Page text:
The “matrones” arrived today. We have a reduced training session since one of our original trainees was ill herself and another was absent to visit a sick aunt. But we went ahead and try to catch the others up as we visit their camps later in the week.
We were anxious to find out how the ladies have done since their first training and asked them each to tell us about their work.
When Miriam arrived from the very isolated Wodaabe community of Tedbouk she was the only one of the trainees who had never delivered a baby. The woman who had been chosen from her community had travelled and she did not want her community to miss the training. Although her husband is officially chief of the community it is she who is the dynamic one and in most situations acts as chief. So although she had not been known as a midwife in her community she is highly respected and decided to take on the role. She is bright and seemed to understand the training well. Here is her story:
The first baby she delivered was her own first grandson. There was a problem with the umbilical cord wrapped around his neck, but she solved it and the baby and mother came through healthy. She described her other deliveries. In the last two months she helped 11 women deliver babies. As the word spread that she had training people came from long distances. She helped not only Wodaabe, but Tuareg women who have different birthing traditions –the Wodaabe kneel, the Tuareg lay on their side.) but she adapted as necessary Of the eleven patients two had post-partem hemorrhaging and she administered the misoprostil that Dr. Skankey had trained her to use and the women came through fine. Her only problem was a set of triplets. The mother had come to her well into labor having never seen her before, but word of her success had spread and they called on her for help. The woman was in labor for three days, each day delivering one baby dead. Since Mariam lives so far away she was unable to call the clinic and had no vehicle to evacuate her. Apart from the triplets who died, not totally unexpected here with premature babies and triplets, she delivered 10 healthy babies from 11 healthy mothers.
Azzara, a Wodaabe from Foudouk had delivered several children before the training. When she went back to her community there were four women in the last two months who delivered, two of these had hemorrhaging but were administered the misoprostil and came through healthy and with healthy babies. There was another problem with infection which was solved with antibiotics.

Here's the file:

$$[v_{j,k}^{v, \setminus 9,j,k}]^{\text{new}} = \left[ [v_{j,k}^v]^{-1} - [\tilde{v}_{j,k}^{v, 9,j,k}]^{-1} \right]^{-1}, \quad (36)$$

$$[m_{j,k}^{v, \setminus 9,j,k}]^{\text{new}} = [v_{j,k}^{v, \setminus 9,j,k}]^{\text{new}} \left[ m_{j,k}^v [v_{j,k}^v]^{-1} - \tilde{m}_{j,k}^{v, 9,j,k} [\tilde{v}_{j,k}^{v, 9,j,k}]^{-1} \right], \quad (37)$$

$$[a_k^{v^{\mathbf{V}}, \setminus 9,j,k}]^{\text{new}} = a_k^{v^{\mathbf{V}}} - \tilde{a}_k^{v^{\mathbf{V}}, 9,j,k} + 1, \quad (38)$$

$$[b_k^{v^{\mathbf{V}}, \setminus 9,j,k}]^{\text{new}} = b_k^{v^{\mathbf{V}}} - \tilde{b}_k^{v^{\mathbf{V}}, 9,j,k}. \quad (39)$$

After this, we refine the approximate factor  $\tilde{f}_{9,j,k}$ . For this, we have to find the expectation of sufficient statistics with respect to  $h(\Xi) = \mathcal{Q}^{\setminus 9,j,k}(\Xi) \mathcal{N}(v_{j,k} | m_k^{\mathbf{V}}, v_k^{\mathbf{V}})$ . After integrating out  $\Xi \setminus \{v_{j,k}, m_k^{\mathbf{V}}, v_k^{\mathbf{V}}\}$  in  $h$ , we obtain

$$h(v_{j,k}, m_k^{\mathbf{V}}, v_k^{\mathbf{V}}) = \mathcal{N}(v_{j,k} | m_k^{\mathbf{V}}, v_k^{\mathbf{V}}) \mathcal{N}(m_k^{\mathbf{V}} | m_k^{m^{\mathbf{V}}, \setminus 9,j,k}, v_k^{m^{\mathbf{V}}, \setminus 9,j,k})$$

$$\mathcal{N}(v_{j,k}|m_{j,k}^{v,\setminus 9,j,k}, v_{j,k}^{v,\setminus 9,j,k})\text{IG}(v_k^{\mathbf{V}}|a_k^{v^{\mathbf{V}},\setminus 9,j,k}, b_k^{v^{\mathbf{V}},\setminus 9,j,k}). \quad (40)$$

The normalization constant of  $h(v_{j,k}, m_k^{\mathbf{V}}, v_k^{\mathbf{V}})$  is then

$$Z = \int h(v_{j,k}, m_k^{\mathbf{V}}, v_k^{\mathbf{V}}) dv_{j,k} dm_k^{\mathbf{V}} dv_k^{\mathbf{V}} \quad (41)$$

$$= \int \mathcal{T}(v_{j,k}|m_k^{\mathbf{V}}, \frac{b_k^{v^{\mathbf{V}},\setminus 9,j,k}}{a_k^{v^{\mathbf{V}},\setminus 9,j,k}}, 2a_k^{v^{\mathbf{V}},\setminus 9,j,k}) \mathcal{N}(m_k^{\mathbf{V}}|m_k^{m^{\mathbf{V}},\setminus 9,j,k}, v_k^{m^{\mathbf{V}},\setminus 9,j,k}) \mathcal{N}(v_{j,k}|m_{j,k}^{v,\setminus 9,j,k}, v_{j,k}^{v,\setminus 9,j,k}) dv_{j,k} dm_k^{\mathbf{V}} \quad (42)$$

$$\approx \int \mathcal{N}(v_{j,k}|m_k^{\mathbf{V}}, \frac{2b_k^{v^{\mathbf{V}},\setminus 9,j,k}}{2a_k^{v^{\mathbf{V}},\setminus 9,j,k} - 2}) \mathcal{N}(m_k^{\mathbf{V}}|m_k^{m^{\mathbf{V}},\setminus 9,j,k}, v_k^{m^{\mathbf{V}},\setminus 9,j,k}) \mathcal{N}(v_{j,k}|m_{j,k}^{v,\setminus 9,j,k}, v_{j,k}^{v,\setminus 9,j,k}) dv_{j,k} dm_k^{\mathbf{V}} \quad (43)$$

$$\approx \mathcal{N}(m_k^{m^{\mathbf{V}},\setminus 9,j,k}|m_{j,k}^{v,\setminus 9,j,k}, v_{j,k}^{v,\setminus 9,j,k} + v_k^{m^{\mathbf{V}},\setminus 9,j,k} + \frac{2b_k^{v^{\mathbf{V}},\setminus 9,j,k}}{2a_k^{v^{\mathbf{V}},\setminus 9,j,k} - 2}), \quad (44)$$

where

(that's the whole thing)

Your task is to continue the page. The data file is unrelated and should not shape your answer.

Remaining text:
Fatima is a Tuareg from Aboye. This community is one of the reasons that provoked this program because they have lost so many young mothers in childbirth. They never knew why. We started trying to get them prenatal vitamins and iron, but until this program there was no regular distribution of prenatal vitamins and NO distribution of other lifesaving medications. In the two months since the training she delivered three healthy babies to three healthy mothers, one with a hemorrhage which she solved with the proper medication.
Fatima kept a record of the women she helped and their husbands in Tifinagh, the writing system of the Tuareg. We have been calling them illiterate, they are not, but their writing system has few publications and its own alphabet, so they do not read French or the latin alphabet.
We will never know how many women’s lives were saved by the practices of cleanliness, the use of sterile gloves, birthing pads, sterile blades and sterile string to tie the cords, by drinking plenty of water and better prenatal care, or by prophylactly administering antibiotics in late labor, but we can assume at least the five who had severe post-partem hemorrhaging.
What we do know is surprising. The women were totally accepting of the suggestions we made, to drink more water, to use sterile technique and even those to improve nutrition. Their communities saw improvements in health almost immediately with the moringa powder we gave them so they started buying it and planted the seeds we gave them so they could harvest their own. Many of these things we expected to take some time to be accepted. We were ready to accept any progress as a success, but this was beyond our expectations. The intelligence and hard work of the women is a large part of this successs, but above all the thorough preparation by Dr. Skankey who managed to figure out how to get complex theory across to uneducated women. Now people from other regions are seeing how effective this training has been and are asking us to expand.
de ryckel Louis
bonjour à tous et felicitations à tous ceux qui collaborent à ce magnifique programme
c’est vraiment emouvant de lire le témoignage de ces femmes
et ungrand merci
I find the individual stories fascinating. I am impressed with the retention of training and the ability to take what was presented to these individuals out into the field with great success. This is such a great story of a program that works. Great job. MWP